Finding the Perfect Spot to View the Eclipse
By Charles Geraci
For two short minutes, the sun struggled to show its intensity, leaving the moon to darken the day-time sky.
At the beginning of the period known as “totality”—when the moon completely covers the sun—a crowd of revelers cheered at a county park in Fountain Inn, South Carolina. Crickets in the brush nearby, tricked by nature’s façade, began to chirp incessantly. A plethora of photographers quickly adapted to the changing light conditions. And many of the eclipse goers were simply stunned.
“I would liken it to twilight in the middle of the day,” said Paul Dozier, 46, who drove from Alexandria, Va. to watch the total solar eclipse. “You go from just this tiny sliver of sunlight—that is actually amazing enough to light everything and make it look pretty much mid-day—to within a matter of seconds, the light diminishes rapidly.”
Roughly 800 people—some from several hours away—came to Cedar Falls Park, just outside of Greenville, on Monday to witness the solar spectacle. “We picked this park that no one knows about, and yet so many out of towners found it,” said Laura Hansen, 37, of Greenville.
The park, managed by the Greenville County Recreation District, was the perfect place to experience the eclipse, according to Francisco Segui, a resident of Charlotte, N.C. He was specifically looking for somewhere a little more private, a little less commercialized.
“We thought that nobody was going to be here, as other places were going to be crowded,” said Segui, who was one of the first to arrive at the park, nearly six hours before the eclipse began.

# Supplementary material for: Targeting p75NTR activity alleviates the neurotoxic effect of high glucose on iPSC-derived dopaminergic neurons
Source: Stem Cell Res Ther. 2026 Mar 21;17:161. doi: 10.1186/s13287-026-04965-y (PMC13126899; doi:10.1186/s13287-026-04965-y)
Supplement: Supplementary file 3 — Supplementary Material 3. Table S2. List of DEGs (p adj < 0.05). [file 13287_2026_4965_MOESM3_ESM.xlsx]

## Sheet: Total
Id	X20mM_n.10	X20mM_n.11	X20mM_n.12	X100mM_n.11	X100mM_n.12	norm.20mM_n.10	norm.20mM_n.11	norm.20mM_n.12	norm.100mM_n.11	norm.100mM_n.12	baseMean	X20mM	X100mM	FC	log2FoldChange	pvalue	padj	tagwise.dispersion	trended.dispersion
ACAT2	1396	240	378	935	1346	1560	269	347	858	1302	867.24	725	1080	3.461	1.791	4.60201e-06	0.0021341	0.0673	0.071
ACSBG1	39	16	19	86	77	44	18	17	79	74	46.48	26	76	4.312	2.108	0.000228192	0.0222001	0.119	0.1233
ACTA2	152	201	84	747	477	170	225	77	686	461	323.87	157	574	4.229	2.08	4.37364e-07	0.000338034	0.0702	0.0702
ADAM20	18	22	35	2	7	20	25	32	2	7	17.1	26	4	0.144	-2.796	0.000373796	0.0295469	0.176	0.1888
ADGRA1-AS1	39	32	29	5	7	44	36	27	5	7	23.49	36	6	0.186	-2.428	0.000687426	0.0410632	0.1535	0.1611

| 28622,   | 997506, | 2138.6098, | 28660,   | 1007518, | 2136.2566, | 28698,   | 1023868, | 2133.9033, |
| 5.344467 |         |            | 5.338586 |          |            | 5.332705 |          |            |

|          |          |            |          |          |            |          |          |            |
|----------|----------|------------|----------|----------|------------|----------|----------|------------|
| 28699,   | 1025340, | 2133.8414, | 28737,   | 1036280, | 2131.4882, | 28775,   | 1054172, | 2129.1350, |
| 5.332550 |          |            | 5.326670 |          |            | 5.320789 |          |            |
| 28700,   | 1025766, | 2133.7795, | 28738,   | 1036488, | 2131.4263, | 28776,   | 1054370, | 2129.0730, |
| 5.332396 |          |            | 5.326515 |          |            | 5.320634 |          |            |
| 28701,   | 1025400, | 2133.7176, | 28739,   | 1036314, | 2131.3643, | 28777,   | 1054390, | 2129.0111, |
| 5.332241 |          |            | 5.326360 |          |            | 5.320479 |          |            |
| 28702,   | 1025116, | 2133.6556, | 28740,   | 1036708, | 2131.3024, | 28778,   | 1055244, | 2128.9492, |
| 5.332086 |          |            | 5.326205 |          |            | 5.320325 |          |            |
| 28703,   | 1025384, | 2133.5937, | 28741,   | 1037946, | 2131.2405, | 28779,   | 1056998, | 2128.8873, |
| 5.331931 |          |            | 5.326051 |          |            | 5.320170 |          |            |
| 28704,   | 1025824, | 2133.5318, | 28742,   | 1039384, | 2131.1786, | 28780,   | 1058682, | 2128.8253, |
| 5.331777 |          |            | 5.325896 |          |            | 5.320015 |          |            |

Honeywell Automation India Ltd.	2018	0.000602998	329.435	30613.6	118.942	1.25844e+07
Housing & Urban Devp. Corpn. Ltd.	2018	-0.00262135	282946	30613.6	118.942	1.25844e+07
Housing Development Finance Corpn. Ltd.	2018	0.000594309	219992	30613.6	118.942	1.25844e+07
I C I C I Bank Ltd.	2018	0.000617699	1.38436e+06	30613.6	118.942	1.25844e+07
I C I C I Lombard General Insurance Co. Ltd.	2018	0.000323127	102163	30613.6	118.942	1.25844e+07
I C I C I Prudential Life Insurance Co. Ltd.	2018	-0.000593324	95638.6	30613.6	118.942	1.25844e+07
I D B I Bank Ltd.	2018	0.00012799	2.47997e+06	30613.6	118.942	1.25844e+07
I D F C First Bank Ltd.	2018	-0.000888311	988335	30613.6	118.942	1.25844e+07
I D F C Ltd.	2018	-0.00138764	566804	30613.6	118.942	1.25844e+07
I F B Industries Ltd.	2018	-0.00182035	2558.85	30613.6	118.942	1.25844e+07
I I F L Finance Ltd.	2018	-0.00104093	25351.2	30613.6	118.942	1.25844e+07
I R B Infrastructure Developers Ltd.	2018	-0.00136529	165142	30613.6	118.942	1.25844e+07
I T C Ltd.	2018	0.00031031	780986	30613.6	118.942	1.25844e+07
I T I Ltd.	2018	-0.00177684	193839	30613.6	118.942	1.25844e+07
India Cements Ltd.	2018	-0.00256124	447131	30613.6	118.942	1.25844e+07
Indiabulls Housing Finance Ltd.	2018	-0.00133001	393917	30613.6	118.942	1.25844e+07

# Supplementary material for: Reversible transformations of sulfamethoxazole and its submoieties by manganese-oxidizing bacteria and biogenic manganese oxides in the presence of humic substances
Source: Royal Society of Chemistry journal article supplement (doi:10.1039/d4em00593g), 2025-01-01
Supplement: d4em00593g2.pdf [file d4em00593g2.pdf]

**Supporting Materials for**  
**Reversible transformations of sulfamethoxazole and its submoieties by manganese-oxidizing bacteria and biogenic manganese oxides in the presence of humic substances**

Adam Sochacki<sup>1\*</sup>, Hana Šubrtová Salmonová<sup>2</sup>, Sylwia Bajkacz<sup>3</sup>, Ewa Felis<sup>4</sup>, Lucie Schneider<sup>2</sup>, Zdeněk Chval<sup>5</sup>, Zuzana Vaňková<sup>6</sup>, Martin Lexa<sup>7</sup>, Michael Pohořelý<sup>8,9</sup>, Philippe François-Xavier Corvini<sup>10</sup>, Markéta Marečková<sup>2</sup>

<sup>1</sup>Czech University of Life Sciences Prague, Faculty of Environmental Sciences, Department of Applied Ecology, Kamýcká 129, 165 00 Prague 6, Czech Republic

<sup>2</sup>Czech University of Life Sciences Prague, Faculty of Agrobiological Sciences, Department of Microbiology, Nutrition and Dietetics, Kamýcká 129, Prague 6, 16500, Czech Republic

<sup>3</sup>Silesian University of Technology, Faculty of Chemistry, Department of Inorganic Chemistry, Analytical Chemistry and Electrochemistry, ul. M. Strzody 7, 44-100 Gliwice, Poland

While some watched from their lawn chairs, others brought along high-tech equipment to aid in observation.
David Smith, 28, of Columbus, Ohio, generated a lot of excitement by bringing a Celestron telescope.
“I’m not usually the center of attention, but if people want to look through the telescope, that’s fine with me,” Smith said. “I’m just a little bit of a science geek. This is really right up my alley.”
Monday’s total solar eclipse was visible to a 70-mile wide stretch of the contiguous United States—an event that had not occurred from coast to coast of the country since 1918.
And Gabriel Lehman, 12, of Huntersville, N.C., was quick to point that out.
“It’s pretty awesome because I know it hasn’t happened for like a hundred years,” he said.
His father Abe Lehman, 39, echoed that sentiment, calling the eclipse a “once-in-a-lifetime opportunity.”
He noted the rarity of the experience contributed to the difficulty of finding safe glasses to watch the eclipse. Several stores in the Carolinas, which were charging about $15 to $20 per pair, were sold out.
“Daddy had to do everything he could to find some glasses,” Lehman said, adding that he eventually purchased them from a seller on Facebook Marketplace.
As if the total solar eclipse weren’t enough, attendees—stationed between Venus and Jupiter, both visible with the naked eye—were treated to an epic display of the solar system.
Smith said the entire experience was “out of this world.”
“The excitement from everyone else kind of boosted the experience,” he said.
Hansen shared that the sense of community she witnessed at the park on Monday was a bit surprising.
“The clapping, the cheering, the little kids wandering around to the telescope, the guy who gave away extra glasses—people from far away became friends,” said Hansen.
The next total solar eclipse visible in the United States will occur in 2024, and Smith already has decided he wants to see that one too in person.
“This has made me an eclipse chaser,” Smith said. “I will definitely try to be there.”